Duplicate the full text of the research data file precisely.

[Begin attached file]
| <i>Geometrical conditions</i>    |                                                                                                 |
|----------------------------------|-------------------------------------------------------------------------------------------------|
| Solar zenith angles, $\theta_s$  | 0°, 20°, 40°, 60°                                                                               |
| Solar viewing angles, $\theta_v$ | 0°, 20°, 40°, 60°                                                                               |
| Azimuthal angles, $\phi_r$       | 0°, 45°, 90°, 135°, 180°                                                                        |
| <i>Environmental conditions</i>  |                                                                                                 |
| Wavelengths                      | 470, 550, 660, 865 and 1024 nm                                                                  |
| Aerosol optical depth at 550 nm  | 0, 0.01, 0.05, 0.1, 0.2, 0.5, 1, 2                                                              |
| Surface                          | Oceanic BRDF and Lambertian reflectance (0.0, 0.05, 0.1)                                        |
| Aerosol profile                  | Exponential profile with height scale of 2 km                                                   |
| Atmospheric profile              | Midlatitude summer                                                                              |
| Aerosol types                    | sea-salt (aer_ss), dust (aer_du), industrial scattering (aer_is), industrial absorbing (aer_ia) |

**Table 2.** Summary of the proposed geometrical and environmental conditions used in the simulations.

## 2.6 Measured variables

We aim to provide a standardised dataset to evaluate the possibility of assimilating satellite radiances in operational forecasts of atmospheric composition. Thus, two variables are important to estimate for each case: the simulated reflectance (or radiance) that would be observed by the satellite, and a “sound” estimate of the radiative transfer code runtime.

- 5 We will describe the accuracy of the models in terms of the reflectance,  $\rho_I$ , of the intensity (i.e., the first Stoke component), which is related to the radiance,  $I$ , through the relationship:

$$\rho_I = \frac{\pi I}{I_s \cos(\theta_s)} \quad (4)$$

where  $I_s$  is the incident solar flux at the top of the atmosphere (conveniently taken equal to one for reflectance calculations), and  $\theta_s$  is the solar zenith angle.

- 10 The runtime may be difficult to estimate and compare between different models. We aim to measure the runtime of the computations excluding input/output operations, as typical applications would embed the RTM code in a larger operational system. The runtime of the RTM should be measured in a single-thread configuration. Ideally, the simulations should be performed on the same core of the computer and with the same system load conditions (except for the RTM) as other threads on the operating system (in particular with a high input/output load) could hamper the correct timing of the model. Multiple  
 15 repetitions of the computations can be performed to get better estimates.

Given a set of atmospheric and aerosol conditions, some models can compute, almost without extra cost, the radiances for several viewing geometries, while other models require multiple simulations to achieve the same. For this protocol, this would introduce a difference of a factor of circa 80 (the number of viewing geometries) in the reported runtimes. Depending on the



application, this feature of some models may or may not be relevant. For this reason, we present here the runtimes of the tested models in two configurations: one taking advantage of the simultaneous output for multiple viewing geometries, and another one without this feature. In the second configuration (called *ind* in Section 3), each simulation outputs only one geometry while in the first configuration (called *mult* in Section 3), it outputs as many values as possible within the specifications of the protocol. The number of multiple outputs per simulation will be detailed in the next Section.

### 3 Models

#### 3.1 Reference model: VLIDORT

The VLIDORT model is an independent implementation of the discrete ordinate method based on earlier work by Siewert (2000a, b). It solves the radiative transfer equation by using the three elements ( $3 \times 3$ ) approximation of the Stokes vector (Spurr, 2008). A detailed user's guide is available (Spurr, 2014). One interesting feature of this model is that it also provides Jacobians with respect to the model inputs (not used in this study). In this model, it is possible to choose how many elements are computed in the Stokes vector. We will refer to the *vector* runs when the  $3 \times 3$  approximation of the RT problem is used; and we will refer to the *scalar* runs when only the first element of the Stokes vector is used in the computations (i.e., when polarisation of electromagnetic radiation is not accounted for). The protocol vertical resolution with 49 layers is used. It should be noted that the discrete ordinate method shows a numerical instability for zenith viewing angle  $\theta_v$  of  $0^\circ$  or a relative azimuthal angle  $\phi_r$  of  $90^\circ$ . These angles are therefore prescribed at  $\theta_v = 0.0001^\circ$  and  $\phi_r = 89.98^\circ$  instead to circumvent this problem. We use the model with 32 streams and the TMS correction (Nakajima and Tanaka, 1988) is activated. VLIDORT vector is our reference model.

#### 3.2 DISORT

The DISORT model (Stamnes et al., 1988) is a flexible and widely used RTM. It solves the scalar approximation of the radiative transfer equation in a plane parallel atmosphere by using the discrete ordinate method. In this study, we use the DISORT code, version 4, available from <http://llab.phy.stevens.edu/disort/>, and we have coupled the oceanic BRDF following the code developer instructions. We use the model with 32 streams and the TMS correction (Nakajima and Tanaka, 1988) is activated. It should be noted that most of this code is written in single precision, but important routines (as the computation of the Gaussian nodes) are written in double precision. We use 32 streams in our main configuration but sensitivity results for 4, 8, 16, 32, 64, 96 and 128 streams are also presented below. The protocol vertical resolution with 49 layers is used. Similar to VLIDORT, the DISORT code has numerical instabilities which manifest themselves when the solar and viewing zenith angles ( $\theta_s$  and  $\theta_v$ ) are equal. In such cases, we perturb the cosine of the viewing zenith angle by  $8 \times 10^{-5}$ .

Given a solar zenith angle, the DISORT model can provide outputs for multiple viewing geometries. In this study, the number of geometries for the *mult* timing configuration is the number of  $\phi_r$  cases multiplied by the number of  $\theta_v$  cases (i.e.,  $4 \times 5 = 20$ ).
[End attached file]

| <i>Geometrical conditions</i>    |                                                                                                 |
|----------------------------------|-------------------------------------------------------------------------------------------------|
| Solar zenith angles, $\theta_s$  | 0°, 20°, 40°, 60°                                                                               |
| Solar viewing angles, $\theta_v$ | 0°, 20°, 40°, 60°                                                                               |
| Azimuthal angles, $\phi_r$       | 0°, 45°, 90°, 135°, 180°                                                                        |
| <i>Environmental conditions</i>  |                                                                                                 |
| Wavelengths                      | 470, 550, 660, 865 and 1024 nm                                                                  |
| Aerosol optical depth at 550 nm  | 0, 0.01, 0.05, 0.1, 0.2, 0.5, 1, 2                                                              |
| Surface                          | Oceanic BRDF and Lambertian reflectance (0.0, 0.05, 0.1)                                        |
| Aerosol profile                  | Exponential profile with height scale of 2 km                                                   |
| Atmospheric profile              | Midlatitude summer                                                                              |
| Aerosol types                    | sea-salt (aer_ss), dust (aer_du), industrial scattering (aer_is), industrial absorbing (aer_ia) |

**Table 2.** Summary of the proposed geometrical and environmental conditions used in the simulations.

## 2.6 Measured variables

We aim to provide a standardised dataset to evaluate the possibility of assimilating satellite radiances in operational forecasts of atmospheric composition. Thus, two variables are important to estimate for each case: the simulated reflectance (or radiance) that would be observed by the satellite, and a “sound” estimate of the radiative transfer code runtime.

- 5 We will describe the accuracy of the models in terms of the reflectance,  $\rho_I$ , of the intensity (i.e., the first Stoke component), which is related to the radiance,  $I$ , through the relationship:

$$\rho_I = \frac{\pi I}{I_s \cos(\theta_s)} \quad (4)$$

where  $I_s$  is the incident solar flux at the top of the atmosphere (conveniently taken equal to one for reflectance calculations), and  $\theta_s$  is the solar zenith angle.

- 10 The runtime may be difficult to estimate and compare between different models. We aim to measure the runtime of the computations excluding input/output operations, as typical applications would embed the RTM code in a larger operational system. The runtime of the RTM should be measured in a single-thread configuration. Ideally, the simulations should be performed on the same core of the computer and with the same system load conditions (except for the RTM) as other threads on the operating system (in particular with a high input/output load) could hamper the correct timing of the model. Multiple  
 15 repetitions of the computations can be performed to get better estimates.

Given a set of atmospheric and aerosol conditions, some models can compute, almost without extra cost, the radiances for several viewing geometries, while other models require multiple simulations to achieve the same. For this protocol, this would introduce a difference of a factor of circa 80 (the number of viewing geometries) in the reported runtimes. Depending on the



application, this feature of some models may or may not be relevant. For this reason, we present here the runtimes of the tested models in two configurations: one taking advantage of the simultaneous output for multiple viewing geometries, and another one without this feature. In the second configuration (called *ind* in Section 3), each simulation outputs only one geometry while in the first configuration (called *mult* in Section 3), it outputs as many values as possible within the specifications of the protocol. The number of multiple outputs per simulation will be detailed in the next Section.

### 3 Models

#### 3.1 Reference model: VLIDORT

The VLIDORT model is an independent implementation of the discrete ordinate method based on earlier work by Siewert (2000a, b). It solves the radiative transfer equation by using the three elements ( $3 \times 3$ ) approximation of the Stokes vector (Spurr, 2008). A detailed user's guide is available (Spurr, 2014). One interesting feature of this model is that it also provides Jacobians with respect to the model inputs (not used in this study). In this model, it is possible to choose how many elements are computed in the Stokes vector. We will refer to the *vector* runs when the  $3 \times 3$  approximation of the RT problem is used; and we will refer to the *scalar* runs when only the first element of the Stokes vector is used in the computations (i.e., when polarisation of electromagnetic radiation is not accounted for). The protocol vertical resolution with 49 layers is used. It should be noted that the discrete ordinate method shows a numerical instability for zenith viewing angle  $\theta_v$  of  $0^\circ$  or a relative azimuthal angle  $\phi_r$  of  $90^\circ$ . These angles are therefore prescribed at  $\theta_v = 0.0001^\circ$  and  $\phi_r = 89.98^\circ$  instead to circumvent this problem. We use the model with 32 streams and the TMS correction (Nakajima and Tanaka, 1988) is activated. VLIDORT vector is our reference model.

#### 3.2 DISORT

The DISORT model (Stamnes et al., 1988) is a flexible and widely used RTM. It solves the scalar approximation of the radiative transfer equation in a plane parallel atmosphere by using the discrete ordinate method. In this study, we use the DISORT code, version 4, available from <http://llab.phy.stevens.edu/disort/>, and we have coupled the oceanic BRDF following the code developer instructions. We use the model with 32 streams and the TMS correction (Nakajima and Tanaka, 1988) is activated. It should be noted that most of this code is written in single precision, but important routines (as the computation of the Gaussian nodes) are written in double precision. We use 32 streams in our main configuration but sensitivity results for 4, 8, 16, 32, 64, 96 and 128 streams are also presented below. The protocol vertical resolution with 49 layers is used. Similar to VLIDORT, the DISORT code has numerical instabilities which manifest themselves when the solar and viewing zenith angles ( $\theta_s$  and  $\theta_v$ ) are equal. In such cases, we perturb the cosine of the viewing zenith angle by  $8 \times 10^{-5}$ .

Given a solar zenith angle, the DISORT model can provide outputs for multiple viewing geometries. In this study, the number of geometries for the *mult* timing configuration is the number of  $\phi_r$  cases multiplied by the number of  $\theta_v$  cases (i.e.,  $4 \times 5 = 20$ ).